Jump to ContentJump to Main Navigation
Under the SkinFeminist Art and Art Histories from the Middle East and North Africa Today$
Users without a subscription are not able to see the full content.

Ceren Özpınar and Mary Kelly

Print publication date: 2020

Print ISBN-13: 9780197266748

Published to British Academy Scholarship Online: May 2021

DOI: 10.5871/bacad/9780197266748.001.0001

Show Summary Details
Page of

PRINTED FROM BRITISH ACADEMY SCHOLARSHIP ONLINE (www.britishacademy.universitypressscholarship.com). (c) Copyright British Academy, 2021. All Rights Reserved. An individual user may print out a PDF of a single chapter of a monograph in BASO for personal use.date: 21 September 2021

Have There Really Been No Great Women Artists?

Have There Really Been No Great Women Artists?

Writing a Feminist Art History of Modern Egypt

(p.11) 1 Have There Really Been No Great Women Artists?
Under the Skin

Nadine Atallah

British Academy

This chapter highlights and discusses the historical, ideological and institutional factors which allowed the good integration of women into the Egyptian modern art worlds. The argument draws from Egyptian artist Nazli Madkour’s objection to Linda Nochlin’s famous question ‘Why have there been no great women artists?’, based on the observation that women artists in Egypt benefitted from an early recognition. In an attempt to explain this Egyptian specificity, the chapter defines the rhetoric of authenticity [asala] as a paradigmatic counterpoint to the Western myth of greatness, at a time when Egypt was struggling for decolonisation and moving towards the Nasserist revolution. Serving as a framework for the appreciation of modern art in Egypt, authenticity seems to create a favourable ground for women’s art, while involving differences between male and female artists in the service of the nation. In order to demonstrate how the search for authenticity shaped and framed the work of women artists and its reception, two paintings about and against polygamy painted in the early 1950s by Inji Efflatoun (1925–1989) and Gazbia Sirry (b. 1925) are analysed in their exhibition contexts. This alternate study shows the entanglement of artistic and socio–political issues while acknowledging internal unevenness within Egyptian feminism and its expression in the arts.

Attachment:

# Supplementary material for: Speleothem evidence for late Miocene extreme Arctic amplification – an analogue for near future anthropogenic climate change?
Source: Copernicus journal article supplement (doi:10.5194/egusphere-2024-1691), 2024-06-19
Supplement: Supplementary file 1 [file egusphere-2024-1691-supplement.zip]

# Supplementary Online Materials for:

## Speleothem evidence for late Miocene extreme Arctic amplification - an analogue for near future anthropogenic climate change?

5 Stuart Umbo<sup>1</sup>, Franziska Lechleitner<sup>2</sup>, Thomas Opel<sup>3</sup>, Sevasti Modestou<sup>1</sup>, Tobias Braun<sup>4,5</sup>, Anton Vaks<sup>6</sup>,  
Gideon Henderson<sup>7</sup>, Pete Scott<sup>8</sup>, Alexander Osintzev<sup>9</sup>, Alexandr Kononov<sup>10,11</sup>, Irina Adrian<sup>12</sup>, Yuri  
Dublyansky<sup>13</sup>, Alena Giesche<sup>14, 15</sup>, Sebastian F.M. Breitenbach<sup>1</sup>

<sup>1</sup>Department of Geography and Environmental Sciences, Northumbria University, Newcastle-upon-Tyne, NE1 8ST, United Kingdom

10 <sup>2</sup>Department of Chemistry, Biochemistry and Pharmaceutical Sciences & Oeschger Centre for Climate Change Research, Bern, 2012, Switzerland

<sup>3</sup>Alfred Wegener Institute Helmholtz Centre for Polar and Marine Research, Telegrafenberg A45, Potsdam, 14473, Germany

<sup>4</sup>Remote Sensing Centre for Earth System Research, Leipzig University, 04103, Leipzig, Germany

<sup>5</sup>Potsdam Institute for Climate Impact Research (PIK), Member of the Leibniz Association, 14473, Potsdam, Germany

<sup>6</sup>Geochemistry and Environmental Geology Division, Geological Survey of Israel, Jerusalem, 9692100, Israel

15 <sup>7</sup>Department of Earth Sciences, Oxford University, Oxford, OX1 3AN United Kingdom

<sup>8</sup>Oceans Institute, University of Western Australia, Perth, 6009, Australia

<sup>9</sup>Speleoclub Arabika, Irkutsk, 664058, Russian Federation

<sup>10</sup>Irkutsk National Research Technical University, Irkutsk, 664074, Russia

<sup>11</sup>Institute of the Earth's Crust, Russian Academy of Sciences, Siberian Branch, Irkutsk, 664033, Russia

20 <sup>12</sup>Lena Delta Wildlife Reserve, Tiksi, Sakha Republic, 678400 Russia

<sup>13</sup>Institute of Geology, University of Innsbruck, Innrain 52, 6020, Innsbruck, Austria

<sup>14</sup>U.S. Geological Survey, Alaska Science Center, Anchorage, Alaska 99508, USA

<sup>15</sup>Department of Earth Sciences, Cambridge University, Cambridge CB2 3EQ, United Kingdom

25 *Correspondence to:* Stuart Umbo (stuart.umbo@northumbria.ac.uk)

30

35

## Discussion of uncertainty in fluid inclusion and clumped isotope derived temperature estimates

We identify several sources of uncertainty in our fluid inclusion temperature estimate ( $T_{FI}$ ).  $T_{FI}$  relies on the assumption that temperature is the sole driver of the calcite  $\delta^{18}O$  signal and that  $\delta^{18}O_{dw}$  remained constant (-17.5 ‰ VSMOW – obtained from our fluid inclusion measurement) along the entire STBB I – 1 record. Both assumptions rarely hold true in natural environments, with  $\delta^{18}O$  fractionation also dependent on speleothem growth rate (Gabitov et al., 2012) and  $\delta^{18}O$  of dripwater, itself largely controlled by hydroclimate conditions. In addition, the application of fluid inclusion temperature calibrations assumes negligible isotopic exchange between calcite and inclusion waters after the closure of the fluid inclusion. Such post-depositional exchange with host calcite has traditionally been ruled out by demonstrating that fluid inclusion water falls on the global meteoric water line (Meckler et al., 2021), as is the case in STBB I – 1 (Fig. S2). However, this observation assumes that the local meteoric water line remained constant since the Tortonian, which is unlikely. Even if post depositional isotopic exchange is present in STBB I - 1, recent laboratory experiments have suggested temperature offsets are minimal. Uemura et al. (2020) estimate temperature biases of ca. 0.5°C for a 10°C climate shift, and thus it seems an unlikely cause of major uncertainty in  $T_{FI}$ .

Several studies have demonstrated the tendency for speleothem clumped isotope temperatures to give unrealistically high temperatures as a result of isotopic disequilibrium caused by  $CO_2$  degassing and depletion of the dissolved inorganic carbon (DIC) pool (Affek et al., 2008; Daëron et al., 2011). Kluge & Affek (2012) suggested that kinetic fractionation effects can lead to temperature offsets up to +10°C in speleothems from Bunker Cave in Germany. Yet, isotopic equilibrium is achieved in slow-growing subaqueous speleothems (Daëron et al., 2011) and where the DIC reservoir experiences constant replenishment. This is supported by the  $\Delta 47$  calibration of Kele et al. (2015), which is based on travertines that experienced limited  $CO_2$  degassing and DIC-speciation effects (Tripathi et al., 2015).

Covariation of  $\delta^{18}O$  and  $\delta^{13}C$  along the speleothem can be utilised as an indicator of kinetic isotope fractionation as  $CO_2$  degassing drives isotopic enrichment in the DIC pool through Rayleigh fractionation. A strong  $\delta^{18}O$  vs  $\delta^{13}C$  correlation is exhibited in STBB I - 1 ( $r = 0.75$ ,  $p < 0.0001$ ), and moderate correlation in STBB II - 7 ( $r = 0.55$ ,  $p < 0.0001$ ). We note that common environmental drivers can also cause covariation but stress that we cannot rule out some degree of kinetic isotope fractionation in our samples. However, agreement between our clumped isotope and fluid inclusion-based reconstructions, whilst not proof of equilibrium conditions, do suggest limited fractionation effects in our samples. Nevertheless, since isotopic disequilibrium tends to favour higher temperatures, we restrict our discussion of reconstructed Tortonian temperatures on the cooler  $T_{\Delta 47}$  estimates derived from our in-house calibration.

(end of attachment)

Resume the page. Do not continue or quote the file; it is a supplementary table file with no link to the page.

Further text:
Keywords:   Gazbia Sirry, Inji Efflatoun, polygamy (representations of), nationalism (art and), authenticity, Egyptian modernism, Linda Nochlin, Nazli Madkour

British Academy Scholarship Online requires a subscription or purchase to access the full text of books within the service. Public users can however freely search the site and view the abstracts and keywords for each book and chapter.

Please, subscribe or login to access full text content.

If you think you should have access to this title, please contact your librarian.

To troubleshoot, please check our FAQs , and if you can't find the answer there, please contact us.